With all due respect to Ben Affleck, Christian Bale and Michael Keaton, Adam West is Batman.

At least West — who died Friday — is for millions who grew up with the campy Caped Crusader he played on ABC’s whirlwind Batman phenomenon in the late ‘60s.

Many baby boomers were too young to understand the tongue-in-cheek nature of the dialogue, as when a nightclub maître d’ asks: “Ringside table, Batman?” and a man wearing a cowl, cape and purple body suit responds: “No, thank you. I’ll stand at the bar. I would not wish to be conspicuous.” The absurdity of that comment flew by a child's consciousness like a poorly aimed Batarang.

West's bromide-dropping, milk-drinking depiction was completely at odds with the forbidding Dark Knight, a great character of comic books and and more recent films, and the TV show's primary-color, over-the-top take is often derided by superhero purists. But he was the Batman we knew. He was ours. We all tend to bond tightly with elements of our youth, no matter how biff-bam-pow silly they may seem later through the more jaded vision of adulthood.

Batman (Adam West), right, and Robin (Burt Ward) POWnced on American pop culture with their campy 1960s TV series.   (Photo: 20th Century Fox)

I had the good fortune to meet Adam West three years ago at San Diego Comic-Con. First impression: At 85, the guy looked fantastic. Handsome George Clooney, a later Batman, should be as lucky in his twilight years.

And West was still able to cause a scene, as fans — some born decades after the 1966-68 series ended — milled about, gawking and taking pictures of this beloved Batman. We got away via elevator, dashing my hope that he would have something in his utility belt to facilitate an escape.

Multiply that lobby reception by a million and you get an idea of the Beatles-esque fan craze that briefly surrounded the TV series, whose cliffhanging, two-night episodes briefly dominated pop culture. Millions of adults were watching, too. However, the series faded quickly, getting too ridiculous, even for itself, with increasingly ludicrous "special-guest villain" cameos (Lola Lasagne? Really?).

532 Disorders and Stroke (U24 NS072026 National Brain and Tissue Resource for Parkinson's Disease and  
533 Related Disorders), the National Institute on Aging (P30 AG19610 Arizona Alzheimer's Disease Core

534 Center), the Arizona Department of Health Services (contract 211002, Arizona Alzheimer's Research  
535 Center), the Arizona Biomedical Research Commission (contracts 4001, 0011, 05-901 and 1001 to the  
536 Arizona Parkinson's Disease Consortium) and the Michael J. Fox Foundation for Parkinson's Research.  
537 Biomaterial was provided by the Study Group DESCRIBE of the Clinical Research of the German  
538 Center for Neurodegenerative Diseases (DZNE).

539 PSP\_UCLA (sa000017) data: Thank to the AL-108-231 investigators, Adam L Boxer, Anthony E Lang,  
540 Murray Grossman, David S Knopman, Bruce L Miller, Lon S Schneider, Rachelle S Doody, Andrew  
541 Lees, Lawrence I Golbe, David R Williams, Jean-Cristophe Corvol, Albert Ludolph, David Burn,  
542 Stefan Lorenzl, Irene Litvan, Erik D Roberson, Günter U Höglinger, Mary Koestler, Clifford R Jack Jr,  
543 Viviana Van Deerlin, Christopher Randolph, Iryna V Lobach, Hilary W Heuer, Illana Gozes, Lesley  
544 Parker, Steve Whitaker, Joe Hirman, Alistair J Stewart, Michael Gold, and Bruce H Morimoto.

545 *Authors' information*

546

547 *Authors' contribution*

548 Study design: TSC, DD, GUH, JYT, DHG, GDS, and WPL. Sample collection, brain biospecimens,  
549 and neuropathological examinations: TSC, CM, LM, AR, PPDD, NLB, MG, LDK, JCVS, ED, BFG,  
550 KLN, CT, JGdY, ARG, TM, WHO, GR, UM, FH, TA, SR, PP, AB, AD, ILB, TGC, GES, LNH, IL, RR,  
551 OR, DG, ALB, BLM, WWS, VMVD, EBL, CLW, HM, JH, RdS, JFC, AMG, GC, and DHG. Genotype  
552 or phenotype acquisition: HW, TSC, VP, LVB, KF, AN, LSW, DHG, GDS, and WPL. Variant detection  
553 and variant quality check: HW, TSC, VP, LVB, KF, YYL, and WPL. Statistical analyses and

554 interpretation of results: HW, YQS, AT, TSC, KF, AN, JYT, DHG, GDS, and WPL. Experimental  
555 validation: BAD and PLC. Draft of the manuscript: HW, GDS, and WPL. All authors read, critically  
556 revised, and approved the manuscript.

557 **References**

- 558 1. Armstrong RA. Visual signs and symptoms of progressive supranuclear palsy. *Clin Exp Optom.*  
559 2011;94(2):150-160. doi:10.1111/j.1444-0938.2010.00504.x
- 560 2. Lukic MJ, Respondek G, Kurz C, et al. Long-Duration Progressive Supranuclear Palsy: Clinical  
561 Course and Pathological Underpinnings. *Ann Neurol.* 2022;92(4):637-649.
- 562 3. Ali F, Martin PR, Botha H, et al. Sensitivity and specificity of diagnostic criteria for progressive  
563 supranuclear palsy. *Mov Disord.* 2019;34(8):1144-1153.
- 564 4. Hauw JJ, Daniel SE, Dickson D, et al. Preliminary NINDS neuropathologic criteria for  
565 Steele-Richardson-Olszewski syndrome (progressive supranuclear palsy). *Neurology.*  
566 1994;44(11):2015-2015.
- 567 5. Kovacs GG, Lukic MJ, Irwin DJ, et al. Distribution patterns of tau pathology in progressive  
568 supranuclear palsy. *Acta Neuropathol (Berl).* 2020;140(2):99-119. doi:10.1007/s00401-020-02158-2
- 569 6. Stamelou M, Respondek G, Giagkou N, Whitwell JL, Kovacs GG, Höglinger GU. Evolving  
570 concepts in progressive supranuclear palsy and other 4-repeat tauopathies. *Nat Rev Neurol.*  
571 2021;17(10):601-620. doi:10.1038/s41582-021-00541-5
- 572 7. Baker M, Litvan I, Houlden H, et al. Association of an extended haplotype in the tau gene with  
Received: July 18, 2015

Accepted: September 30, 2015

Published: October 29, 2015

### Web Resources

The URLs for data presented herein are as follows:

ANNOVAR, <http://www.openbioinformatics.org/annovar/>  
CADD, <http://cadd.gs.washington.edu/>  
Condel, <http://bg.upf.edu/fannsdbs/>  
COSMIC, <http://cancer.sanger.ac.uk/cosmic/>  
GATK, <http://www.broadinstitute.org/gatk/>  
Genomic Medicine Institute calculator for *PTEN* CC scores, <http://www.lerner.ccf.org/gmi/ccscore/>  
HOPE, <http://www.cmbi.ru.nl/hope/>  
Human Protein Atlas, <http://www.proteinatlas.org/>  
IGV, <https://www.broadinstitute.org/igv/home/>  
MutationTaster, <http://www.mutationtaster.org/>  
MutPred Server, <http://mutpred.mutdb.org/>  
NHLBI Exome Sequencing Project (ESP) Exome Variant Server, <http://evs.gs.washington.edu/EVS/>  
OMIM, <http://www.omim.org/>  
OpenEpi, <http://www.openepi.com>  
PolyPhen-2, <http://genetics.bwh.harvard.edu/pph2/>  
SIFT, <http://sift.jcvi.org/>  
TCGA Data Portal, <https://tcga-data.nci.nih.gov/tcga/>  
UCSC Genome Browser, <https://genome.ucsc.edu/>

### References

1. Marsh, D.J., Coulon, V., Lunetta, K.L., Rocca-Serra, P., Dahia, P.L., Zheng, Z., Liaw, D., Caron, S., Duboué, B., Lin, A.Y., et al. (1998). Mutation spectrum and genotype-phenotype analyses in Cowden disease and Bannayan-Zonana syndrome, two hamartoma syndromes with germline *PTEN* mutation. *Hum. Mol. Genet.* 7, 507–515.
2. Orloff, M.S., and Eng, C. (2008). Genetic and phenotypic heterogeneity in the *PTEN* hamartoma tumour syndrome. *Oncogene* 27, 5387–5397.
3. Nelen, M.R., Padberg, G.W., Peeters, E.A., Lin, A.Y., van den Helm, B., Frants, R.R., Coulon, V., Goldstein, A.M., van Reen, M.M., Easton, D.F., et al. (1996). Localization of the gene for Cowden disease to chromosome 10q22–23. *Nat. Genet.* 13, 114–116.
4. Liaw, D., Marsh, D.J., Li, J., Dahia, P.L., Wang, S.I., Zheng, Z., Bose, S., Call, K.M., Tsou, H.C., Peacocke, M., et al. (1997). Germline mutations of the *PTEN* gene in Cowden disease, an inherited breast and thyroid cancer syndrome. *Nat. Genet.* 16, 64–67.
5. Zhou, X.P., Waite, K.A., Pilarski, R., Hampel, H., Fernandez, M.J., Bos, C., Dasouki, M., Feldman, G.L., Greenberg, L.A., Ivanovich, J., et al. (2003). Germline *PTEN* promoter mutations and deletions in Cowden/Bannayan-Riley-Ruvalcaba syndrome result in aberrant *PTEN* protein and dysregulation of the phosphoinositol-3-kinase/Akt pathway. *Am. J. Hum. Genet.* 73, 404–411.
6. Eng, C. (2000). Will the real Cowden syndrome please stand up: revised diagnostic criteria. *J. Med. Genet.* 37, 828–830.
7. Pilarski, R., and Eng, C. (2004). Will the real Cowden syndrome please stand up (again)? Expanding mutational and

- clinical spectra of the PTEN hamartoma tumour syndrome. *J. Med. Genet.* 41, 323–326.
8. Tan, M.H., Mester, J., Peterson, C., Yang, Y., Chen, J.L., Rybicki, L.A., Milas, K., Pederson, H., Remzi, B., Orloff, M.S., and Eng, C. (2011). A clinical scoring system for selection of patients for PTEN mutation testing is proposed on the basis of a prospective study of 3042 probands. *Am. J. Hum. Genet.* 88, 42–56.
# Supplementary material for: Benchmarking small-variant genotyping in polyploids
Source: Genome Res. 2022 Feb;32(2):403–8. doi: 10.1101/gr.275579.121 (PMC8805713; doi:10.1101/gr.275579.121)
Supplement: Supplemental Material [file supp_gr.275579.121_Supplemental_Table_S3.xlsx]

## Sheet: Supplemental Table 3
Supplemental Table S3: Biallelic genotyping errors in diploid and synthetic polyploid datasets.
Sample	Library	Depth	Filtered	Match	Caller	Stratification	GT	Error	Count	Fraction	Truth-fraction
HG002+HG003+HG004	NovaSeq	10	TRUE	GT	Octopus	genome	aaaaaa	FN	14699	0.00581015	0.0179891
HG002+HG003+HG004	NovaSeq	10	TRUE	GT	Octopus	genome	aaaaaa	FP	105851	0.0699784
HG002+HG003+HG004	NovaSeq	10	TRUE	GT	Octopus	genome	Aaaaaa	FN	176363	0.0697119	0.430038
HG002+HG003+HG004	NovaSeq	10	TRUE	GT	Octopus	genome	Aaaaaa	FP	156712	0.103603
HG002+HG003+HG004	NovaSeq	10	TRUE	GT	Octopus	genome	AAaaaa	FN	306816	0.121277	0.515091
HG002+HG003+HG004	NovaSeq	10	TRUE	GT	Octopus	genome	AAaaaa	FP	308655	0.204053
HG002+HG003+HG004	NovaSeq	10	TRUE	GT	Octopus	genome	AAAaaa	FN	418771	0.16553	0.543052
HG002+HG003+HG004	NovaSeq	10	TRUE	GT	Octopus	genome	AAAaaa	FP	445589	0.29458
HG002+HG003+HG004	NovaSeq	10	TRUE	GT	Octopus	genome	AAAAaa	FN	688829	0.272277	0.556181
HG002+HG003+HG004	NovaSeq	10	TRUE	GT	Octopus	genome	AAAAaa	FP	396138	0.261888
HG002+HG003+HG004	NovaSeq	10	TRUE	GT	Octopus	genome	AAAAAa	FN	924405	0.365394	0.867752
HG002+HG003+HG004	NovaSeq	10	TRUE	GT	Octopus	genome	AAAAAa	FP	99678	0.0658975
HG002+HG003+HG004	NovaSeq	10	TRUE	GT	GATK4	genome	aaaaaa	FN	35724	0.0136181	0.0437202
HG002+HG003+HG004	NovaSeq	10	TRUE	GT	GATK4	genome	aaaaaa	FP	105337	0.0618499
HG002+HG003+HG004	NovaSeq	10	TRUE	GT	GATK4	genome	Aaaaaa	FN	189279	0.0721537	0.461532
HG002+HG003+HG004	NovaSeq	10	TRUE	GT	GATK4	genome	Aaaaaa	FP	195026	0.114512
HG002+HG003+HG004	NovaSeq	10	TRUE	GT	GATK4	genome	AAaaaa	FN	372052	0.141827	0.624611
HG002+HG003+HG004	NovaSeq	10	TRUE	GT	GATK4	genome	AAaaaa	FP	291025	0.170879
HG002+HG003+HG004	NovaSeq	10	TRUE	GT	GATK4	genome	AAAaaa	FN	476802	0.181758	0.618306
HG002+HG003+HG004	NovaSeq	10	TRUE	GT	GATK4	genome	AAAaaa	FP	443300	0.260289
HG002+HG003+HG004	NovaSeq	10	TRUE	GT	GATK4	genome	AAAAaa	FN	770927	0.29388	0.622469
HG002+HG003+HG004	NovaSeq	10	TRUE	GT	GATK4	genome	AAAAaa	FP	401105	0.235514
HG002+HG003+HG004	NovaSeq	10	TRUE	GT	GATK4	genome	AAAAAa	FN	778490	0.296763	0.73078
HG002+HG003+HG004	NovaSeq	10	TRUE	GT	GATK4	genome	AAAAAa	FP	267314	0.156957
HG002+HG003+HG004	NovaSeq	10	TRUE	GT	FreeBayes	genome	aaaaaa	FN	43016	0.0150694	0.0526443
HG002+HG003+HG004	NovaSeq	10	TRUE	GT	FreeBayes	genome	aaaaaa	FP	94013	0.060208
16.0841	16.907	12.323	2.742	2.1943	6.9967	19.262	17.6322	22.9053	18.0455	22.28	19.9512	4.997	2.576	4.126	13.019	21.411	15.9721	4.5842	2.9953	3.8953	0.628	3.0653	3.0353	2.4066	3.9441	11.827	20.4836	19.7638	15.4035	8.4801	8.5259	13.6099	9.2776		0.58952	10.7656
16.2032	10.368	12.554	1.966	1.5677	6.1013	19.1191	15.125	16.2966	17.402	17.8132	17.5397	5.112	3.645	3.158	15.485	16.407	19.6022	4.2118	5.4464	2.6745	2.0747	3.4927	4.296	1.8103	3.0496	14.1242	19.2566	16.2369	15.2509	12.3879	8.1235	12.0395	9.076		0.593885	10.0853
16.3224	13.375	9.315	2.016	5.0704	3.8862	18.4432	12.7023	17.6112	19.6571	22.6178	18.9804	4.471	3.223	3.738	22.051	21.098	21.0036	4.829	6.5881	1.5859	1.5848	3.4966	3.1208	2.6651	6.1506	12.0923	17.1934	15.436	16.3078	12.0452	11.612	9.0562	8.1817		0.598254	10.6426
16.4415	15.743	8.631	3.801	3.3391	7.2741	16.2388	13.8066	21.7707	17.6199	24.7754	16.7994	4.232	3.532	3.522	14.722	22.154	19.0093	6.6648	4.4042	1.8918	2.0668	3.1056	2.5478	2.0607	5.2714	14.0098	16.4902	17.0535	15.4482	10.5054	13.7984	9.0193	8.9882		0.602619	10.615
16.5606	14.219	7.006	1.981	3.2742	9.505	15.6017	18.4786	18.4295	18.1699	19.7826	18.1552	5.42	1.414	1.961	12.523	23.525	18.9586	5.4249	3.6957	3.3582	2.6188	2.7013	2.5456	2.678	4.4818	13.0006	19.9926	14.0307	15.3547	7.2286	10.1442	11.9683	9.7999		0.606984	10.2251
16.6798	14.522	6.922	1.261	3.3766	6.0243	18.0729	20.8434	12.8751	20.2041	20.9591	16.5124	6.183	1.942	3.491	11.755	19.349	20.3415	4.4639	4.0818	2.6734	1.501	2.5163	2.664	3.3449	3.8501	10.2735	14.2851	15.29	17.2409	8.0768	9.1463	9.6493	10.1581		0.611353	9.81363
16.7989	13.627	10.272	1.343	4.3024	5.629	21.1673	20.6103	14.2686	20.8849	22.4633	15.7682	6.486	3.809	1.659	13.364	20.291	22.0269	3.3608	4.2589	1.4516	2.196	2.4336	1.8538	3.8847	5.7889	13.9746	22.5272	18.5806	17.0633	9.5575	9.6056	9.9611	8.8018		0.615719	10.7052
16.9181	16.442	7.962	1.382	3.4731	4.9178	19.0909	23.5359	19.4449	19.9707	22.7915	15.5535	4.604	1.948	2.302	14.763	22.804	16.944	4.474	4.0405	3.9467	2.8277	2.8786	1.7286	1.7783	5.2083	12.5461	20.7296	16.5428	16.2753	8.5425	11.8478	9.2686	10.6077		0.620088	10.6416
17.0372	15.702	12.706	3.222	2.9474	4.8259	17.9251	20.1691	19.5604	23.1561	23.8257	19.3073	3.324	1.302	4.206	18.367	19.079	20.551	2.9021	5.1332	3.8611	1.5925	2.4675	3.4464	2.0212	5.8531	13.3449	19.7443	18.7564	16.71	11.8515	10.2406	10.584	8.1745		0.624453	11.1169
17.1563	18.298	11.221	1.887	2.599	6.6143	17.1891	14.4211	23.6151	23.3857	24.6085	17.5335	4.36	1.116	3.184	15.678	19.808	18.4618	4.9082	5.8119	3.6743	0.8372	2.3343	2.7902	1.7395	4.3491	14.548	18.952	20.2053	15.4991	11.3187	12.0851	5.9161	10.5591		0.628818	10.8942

West’s career, unfortunately, suffered in the aftermath, as often happens with actors so closely identified with iconic characters. And it’s hard to be more iconic than Batman.

When we sat for our interview, the actor, who was promoting a long-delayed DVD collection of the TV series, acknowledged the role’s effect on his career, but he accepted it with bonhomie, perhaps channeling a character who frequently referred to sidekick Robin (Burt Ward) as “old chum.” By this point, he simply seemed happy that so many people still enjoyed the series. He even offered the latest film Batman some advice: "Ben Affleck, if you're (reading), make the costume work for you!"

Adam West, attending his 2012 Hollywood Walk of Fame star ceremony, admires the Batmobile, perhaps remembering all the times his Batman drove the streets of Gotham, protecting its grateful residents.

What really struck me was how funny West was. I realized he was in on the joke back then and he was in on the joke now, occasionally dipping into portentous Batman baritone, complete with pregnant pauses, for comic effect. He ranked Frank Gorshin's Riddler as his top special-guest villain because of his "manic intensity," while getting a little frisky when discussing Julie Newmar's sultry Catwoman: "I didn't want to talk about Julie, because I get curious stirrings in my utility belt." Oh, Batman!

That sense of humor couldn't have hurt in getting recent roles playing himself on The Big Bang Theory; 30 Rock; The Fairly OddParents, which featured his superhero alter ego, Catman; and Family Guy, where creator and West fan Seth MacFarlane made West the mayor. Perhaps the children who watched asked their parents about Adam West, creating an opportunity for family Batman bonding. It seemed the typecasting effect was now working for him.

With the heroic assistance of my non-caped colleague, photographer/videographer Robert Hanashiro, we packed a story interview, photo shoot and a video Q&A into a 20-minute window, the guerrilla-style journalism common at Comic-Con. Time was of the essence: I had a story to write; West had DVDs to promote. I'm surprised he didn't depart by rappeling down the side of the hotel.

Despite such a short visit, I left feeling really happy. I got the opportunity to meet my Batman — I mean, Adam West. Take care, old chum.